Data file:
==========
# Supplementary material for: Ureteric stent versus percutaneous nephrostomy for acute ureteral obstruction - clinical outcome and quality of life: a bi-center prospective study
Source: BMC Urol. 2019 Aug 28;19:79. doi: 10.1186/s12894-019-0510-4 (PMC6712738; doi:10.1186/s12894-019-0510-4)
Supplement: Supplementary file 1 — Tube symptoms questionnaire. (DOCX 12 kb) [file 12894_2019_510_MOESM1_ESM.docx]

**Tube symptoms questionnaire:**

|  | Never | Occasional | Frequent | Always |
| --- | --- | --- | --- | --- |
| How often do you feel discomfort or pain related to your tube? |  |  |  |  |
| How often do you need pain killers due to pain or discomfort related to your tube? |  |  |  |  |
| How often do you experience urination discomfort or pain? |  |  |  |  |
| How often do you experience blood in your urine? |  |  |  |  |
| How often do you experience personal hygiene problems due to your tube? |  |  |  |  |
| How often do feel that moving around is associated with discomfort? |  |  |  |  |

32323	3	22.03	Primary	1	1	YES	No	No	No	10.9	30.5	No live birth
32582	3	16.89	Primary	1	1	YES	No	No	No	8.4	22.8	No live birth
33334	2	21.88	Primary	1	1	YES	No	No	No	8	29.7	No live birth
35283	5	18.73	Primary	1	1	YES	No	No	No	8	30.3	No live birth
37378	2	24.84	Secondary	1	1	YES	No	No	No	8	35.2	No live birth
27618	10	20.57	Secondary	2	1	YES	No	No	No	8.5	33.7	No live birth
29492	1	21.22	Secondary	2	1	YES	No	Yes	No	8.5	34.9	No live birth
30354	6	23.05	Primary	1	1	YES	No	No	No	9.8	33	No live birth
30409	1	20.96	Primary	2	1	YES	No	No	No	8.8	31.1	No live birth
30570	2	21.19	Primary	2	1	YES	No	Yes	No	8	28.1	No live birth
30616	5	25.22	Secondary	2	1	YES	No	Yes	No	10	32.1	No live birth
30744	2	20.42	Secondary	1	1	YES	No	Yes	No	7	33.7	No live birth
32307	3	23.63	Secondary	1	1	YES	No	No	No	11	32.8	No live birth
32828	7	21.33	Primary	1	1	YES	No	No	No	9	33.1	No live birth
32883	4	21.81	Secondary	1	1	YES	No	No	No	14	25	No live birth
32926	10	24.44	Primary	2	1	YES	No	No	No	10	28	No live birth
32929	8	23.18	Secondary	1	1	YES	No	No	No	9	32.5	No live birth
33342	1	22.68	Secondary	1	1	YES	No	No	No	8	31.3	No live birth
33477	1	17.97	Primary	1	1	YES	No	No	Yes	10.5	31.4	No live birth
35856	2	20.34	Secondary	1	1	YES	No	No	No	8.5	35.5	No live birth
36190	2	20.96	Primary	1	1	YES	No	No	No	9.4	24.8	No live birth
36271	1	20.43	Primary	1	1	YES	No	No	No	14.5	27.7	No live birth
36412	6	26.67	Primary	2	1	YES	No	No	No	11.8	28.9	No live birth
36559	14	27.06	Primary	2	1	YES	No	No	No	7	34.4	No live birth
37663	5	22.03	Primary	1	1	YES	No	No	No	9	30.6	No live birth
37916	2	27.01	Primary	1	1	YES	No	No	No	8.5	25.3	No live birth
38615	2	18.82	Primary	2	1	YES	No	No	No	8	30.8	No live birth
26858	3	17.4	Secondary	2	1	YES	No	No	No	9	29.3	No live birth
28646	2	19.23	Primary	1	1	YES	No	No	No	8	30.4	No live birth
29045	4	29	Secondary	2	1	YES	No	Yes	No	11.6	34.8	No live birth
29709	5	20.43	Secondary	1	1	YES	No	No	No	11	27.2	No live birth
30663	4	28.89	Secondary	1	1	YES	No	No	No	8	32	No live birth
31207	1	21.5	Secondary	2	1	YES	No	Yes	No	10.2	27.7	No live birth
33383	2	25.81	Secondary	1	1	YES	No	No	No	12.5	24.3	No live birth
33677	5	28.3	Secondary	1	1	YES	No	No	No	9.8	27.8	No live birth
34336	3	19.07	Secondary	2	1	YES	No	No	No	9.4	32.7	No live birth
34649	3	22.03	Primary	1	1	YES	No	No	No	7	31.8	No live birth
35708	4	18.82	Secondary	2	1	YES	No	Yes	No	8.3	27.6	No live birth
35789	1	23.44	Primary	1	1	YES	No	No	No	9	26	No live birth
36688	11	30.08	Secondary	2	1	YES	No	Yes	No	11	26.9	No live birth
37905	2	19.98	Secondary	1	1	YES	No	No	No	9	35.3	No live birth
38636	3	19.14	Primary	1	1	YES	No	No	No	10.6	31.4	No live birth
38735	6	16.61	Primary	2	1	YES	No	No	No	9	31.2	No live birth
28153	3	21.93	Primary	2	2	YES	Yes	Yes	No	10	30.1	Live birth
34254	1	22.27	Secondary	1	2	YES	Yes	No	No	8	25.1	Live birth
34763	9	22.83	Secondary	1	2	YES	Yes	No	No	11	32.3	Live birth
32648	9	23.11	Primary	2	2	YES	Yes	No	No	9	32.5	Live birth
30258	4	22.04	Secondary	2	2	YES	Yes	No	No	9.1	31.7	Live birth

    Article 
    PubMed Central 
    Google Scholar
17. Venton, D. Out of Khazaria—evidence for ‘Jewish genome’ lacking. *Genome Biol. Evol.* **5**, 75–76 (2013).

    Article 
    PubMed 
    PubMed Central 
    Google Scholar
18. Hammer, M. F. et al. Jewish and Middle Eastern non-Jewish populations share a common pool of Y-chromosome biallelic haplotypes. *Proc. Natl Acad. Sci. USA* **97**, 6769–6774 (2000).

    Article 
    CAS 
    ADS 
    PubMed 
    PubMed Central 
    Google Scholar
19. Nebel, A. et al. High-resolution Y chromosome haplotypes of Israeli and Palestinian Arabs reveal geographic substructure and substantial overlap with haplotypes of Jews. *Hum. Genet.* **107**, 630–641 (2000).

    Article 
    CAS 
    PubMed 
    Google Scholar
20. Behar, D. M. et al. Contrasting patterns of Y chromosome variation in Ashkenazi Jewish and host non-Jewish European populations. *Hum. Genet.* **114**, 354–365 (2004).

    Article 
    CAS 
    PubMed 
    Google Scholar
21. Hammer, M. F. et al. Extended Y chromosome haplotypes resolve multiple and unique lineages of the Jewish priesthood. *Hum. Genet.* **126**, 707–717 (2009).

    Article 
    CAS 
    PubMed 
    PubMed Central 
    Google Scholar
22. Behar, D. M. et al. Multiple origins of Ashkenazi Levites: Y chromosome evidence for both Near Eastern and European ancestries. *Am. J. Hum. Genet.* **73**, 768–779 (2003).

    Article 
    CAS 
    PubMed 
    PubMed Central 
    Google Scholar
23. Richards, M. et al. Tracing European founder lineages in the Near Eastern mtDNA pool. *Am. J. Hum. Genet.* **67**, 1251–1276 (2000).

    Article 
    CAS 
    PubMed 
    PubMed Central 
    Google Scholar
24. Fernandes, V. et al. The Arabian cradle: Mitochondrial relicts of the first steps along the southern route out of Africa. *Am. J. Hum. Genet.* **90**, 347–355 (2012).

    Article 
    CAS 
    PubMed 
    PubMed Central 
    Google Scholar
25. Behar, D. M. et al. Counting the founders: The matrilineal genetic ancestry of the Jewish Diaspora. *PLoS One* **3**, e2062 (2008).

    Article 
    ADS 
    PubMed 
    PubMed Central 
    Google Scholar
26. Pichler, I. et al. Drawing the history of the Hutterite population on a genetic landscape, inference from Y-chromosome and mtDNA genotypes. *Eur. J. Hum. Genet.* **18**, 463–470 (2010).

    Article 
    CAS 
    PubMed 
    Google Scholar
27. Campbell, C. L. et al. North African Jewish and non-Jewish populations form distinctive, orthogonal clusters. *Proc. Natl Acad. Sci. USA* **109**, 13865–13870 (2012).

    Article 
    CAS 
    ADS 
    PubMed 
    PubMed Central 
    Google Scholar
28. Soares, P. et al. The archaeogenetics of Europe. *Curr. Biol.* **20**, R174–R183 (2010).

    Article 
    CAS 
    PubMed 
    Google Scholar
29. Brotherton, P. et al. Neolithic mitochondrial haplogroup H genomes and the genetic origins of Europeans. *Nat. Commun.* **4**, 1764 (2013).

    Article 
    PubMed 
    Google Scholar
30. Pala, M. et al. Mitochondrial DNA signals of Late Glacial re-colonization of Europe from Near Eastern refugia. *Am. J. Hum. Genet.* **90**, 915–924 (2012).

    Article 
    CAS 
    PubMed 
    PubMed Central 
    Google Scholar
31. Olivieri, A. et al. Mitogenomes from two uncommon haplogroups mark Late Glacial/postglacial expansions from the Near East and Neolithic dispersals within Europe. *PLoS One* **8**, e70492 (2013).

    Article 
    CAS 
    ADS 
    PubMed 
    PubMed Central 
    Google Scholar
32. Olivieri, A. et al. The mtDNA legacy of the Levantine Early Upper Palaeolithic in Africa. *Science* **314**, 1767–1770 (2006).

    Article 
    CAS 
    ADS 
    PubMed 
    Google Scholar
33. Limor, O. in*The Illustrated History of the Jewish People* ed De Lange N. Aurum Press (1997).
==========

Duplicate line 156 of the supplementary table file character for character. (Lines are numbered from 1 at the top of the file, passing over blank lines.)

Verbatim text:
33. Limor, O. in*The Illustrated History of the Jewish People* ed De Lange N. Aurum Press (1997).